‘I Can’t Breathe’
In his last conscious moments, George Floyd pleaded for the chance to breathe and called out for his mother as a Minneapolis police officer held a knee against his neck for seven minutes. Floyd, a Black man, died on May 25 at the age of 46 while in police custody. The world would soon hear his last words. Not in the moment he spoke them, but throughout the months to follow, his words echoed across the world, in news stories, in conversations, in courtrooms and in minds. Witnesses to his final moments filmed his arrest and uploaded the videos to social media. As his friends and family mourned the man they describe as loving, good and unifying, demonstrations erupted around the world demanding justice for George Floyd. His story spoke to the world when George Floyd no longer could.
Almost five months after his death, Floyd’s story continues to fuel conversations around police brutality, the criminal justice system, racism, and police procedures and policies.
We, the Wisconsin Union Directorate (WUD) Art Committee aimed to keep a spotlight on George Floyd and these conversations through a display of his last words in light on the outside of Memorial Union, a campus building operated by our parent organization the Wisconsin Union, on Oct. 8 from 7-9 p.m. We displayed his words in a continuous loop throughout that time. When Michael Johnson of Boys and Girls Clubs of Dane County suggested displaying George’s words on one of the Union’s campus buildings, we agreed wholeheartedly to make that possible. Because this conversation is not and can never be over. We mourn with our community the loss of George and embrace the uncomfortable, important dialogue that can happen when art helps shine a light on injustice.
George Floyd’s death shocked the world and left so many speechless. We, as a Committee, believe that, sometimes, when words fail us, art comes in to express what we cannot. Art inspires emotion, moves observers to action, and helps us process.
Minneapolis Police Department Chief Medaria Arradondo said this in a statement: “[Derek] Chauvin had his knee on Mr. Floyd’s neck for over seven minutes, and for those last minutes he knew Floyd was non-responsive.” He went on to say in the statement that, “The officers knew what was happening―one intentionally caused it and the others failed to prevent it. This was murder―it wasn’t lack of training.”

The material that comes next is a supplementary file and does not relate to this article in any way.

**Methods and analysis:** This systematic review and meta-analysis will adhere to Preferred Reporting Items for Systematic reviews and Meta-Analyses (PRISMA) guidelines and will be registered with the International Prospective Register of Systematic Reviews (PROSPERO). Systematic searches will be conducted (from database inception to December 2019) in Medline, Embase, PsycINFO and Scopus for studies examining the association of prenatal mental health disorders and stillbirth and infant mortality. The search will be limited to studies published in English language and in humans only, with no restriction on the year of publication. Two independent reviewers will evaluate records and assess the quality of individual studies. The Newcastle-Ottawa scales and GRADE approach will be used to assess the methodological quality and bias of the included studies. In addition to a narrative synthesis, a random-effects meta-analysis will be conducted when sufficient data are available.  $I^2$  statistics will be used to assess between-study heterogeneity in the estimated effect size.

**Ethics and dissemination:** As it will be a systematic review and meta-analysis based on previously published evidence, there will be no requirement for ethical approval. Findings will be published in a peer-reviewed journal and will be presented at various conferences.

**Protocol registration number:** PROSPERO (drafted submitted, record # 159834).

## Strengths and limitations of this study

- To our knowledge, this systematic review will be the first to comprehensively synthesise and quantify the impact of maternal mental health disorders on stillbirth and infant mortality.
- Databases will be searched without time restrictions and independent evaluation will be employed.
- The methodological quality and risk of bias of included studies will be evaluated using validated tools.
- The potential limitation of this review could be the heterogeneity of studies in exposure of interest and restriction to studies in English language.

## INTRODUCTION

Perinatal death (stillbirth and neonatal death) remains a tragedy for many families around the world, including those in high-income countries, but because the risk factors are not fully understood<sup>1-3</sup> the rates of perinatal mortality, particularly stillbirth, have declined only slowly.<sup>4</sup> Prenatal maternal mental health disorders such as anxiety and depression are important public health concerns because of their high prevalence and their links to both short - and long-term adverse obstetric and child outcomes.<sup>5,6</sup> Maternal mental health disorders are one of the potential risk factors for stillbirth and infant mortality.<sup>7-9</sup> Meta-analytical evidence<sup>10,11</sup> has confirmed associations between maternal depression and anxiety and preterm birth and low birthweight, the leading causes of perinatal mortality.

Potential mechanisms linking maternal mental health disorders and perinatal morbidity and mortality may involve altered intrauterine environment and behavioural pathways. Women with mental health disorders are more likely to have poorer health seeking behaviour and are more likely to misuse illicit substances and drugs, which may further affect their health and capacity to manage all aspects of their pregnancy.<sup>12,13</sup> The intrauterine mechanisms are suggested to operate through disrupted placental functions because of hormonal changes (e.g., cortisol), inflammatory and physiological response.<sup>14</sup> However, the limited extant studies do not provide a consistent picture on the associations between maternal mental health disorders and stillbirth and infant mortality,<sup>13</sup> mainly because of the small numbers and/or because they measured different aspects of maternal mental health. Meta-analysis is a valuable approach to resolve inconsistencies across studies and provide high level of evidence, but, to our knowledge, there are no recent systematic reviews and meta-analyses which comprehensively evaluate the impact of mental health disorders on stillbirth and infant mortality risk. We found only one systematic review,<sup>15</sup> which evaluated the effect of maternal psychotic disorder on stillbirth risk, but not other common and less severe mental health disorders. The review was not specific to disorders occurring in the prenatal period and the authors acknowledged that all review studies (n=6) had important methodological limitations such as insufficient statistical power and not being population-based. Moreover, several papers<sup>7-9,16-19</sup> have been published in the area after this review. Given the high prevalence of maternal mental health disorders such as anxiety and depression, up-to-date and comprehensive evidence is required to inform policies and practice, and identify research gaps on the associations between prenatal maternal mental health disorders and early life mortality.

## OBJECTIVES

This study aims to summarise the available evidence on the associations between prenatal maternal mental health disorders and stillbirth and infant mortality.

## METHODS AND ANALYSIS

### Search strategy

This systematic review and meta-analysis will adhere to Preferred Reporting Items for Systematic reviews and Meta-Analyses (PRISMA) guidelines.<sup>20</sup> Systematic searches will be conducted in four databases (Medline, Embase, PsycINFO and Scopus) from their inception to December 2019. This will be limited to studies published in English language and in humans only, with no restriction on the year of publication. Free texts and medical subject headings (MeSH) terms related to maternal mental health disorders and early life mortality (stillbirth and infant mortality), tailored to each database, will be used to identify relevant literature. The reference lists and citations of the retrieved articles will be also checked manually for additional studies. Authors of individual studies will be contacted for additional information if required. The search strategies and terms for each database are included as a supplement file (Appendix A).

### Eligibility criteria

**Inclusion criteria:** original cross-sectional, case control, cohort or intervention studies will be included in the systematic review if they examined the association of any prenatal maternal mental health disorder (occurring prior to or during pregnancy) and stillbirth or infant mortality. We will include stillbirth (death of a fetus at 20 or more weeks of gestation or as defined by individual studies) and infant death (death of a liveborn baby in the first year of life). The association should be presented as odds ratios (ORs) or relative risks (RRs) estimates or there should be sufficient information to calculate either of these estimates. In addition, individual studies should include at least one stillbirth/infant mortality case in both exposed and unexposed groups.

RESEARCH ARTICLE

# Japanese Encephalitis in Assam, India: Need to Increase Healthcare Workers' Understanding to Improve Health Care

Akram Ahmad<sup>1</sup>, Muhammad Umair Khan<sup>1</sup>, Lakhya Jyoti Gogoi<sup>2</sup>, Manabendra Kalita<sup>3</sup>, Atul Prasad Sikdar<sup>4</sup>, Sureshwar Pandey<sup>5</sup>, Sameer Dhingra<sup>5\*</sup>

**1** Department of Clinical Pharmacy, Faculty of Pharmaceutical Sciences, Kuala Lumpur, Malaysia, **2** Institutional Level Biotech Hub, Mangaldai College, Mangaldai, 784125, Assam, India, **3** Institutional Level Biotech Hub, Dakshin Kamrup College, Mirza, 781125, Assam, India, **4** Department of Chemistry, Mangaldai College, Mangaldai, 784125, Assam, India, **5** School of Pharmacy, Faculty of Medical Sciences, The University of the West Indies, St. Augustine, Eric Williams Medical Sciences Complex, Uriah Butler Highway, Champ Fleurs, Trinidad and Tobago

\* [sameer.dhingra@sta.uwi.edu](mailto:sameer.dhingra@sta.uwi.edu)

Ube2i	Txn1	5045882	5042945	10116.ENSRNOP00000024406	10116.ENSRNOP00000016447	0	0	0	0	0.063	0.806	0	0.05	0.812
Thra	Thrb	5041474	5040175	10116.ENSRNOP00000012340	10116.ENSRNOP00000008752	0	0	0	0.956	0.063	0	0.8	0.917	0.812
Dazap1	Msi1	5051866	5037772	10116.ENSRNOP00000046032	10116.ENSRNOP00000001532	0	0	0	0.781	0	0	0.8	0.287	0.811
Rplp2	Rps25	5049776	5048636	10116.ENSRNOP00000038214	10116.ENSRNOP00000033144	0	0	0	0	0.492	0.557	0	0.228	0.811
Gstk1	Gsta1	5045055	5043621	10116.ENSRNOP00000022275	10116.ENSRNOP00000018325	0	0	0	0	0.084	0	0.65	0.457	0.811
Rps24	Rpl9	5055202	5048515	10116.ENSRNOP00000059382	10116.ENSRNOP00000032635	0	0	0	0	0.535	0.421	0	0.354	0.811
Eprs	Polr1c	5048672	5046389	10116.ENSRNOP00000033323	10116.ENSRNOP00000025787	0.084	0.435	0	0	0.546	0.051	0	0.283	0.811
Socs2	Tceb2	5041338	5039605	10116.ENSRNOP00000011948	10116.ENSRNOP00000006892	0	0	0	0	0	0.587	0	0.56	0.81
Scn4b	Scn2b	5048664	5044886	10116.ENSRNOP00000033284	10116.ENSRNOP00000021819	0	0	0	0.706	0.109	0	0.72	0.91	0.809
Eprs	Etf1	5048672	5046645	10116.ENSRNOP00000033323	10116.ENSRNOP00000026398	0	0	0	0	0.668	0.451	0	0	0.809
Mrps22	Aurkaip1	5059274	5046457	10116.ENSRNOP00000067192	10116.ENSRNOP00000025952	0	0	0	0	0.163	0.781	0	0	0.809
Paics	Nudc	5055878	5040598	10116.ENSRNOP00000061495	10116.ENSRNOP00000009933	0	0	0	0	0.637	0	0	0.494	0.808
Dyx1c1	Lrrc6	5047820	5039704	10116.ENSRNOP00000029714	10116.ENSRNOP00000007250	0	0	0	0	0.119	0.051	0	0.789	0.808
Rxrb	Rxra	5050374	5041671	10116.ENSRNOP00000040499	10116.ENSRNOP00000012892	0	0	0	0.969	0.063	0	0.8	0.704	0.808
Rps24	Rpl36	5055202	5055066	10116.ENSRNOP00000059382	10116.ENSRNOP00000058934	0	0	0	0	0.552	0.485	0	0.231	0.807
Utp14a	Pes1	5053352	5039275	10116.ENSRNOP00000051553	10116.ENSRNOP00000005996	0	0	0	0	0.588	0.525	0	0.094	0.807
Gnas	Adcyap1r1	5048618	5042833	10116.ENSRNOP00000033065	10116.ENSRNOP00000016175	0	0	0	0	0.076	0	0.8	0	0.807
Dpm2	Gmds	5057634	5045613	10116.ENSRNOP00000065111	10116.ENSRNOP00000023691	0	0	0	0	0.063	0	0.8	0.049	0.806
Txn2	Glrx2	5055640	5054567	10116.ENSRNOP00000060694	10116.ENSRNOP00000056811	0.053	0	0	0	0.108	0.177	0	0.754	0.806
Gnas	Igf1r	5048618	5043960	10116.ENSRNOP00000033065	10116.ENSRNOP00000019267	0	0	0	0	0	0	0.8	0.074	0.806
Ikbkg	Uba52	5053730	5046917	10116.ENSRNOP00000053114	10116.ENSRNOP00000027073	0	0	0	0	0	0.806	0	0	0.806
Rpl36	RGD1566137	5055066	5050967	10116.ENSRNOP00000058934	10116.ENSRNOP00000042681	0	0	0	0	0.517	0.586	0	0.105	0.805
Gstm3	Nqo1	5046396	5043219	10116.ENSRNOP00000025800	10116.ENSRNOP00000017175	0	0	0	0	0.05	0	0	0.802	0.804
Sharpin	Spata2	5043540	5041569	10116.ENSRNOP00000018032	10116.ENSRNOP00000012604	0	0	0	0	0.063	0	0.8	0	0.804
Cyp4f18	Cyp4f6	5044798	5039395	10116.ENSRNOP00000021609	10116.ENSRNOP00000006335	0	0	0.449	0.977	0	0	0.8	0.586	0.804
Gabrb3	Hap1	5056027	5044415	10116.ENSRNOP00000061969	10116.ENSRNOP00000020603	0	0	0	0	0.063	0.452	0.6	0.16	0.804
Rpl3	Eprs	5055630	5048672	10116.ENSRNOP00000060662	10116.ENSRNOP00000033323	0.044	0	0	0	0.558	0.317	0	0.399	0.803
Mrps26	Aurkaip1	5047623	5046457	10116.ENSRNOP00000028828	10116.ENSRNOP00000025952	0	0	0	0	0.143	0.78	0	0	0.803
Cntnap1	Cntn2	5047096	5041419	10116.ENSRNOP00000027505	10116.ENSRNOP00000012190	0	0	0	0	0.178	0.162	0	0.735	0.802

As you read George Floyd’s words, we hope that you take time to listen, reflect and connect. Take time to learn about Black experiences with law enforcement and criminal justice and listen to their ideas on building a better, safer world. Then, we encourage you to give yourself space and moments to reflect on what you’ve learned. Connect with others. Don’t be afraid to ask for change from the people around you, the university, Madison, Wisconsin, the United States and the world.
This project and our call-to-action are part of a commitment that we made to you in June to stand with those fighting for justice for George Floyd, Breonna Taylor, Ahmaud Arbery and so many other people of color who have died in police custody. We promised to make a change, to hold ourselves accountable, and to support Black Indigenous People of Color and help ensure their voices are heard.
We believe art can teach, heal, and help promote change and understanding. We hope you’ll join us on this journey and thank Michael Johnson for this idea to help our community along that journey. This important work continues on Oct. 9 with the debut of “We Still Here,” an exhibition of protest photography by Kenechi Unachukwu, in Gallery 1308, Union South. We will provide additional information at union.wisc.edu/art.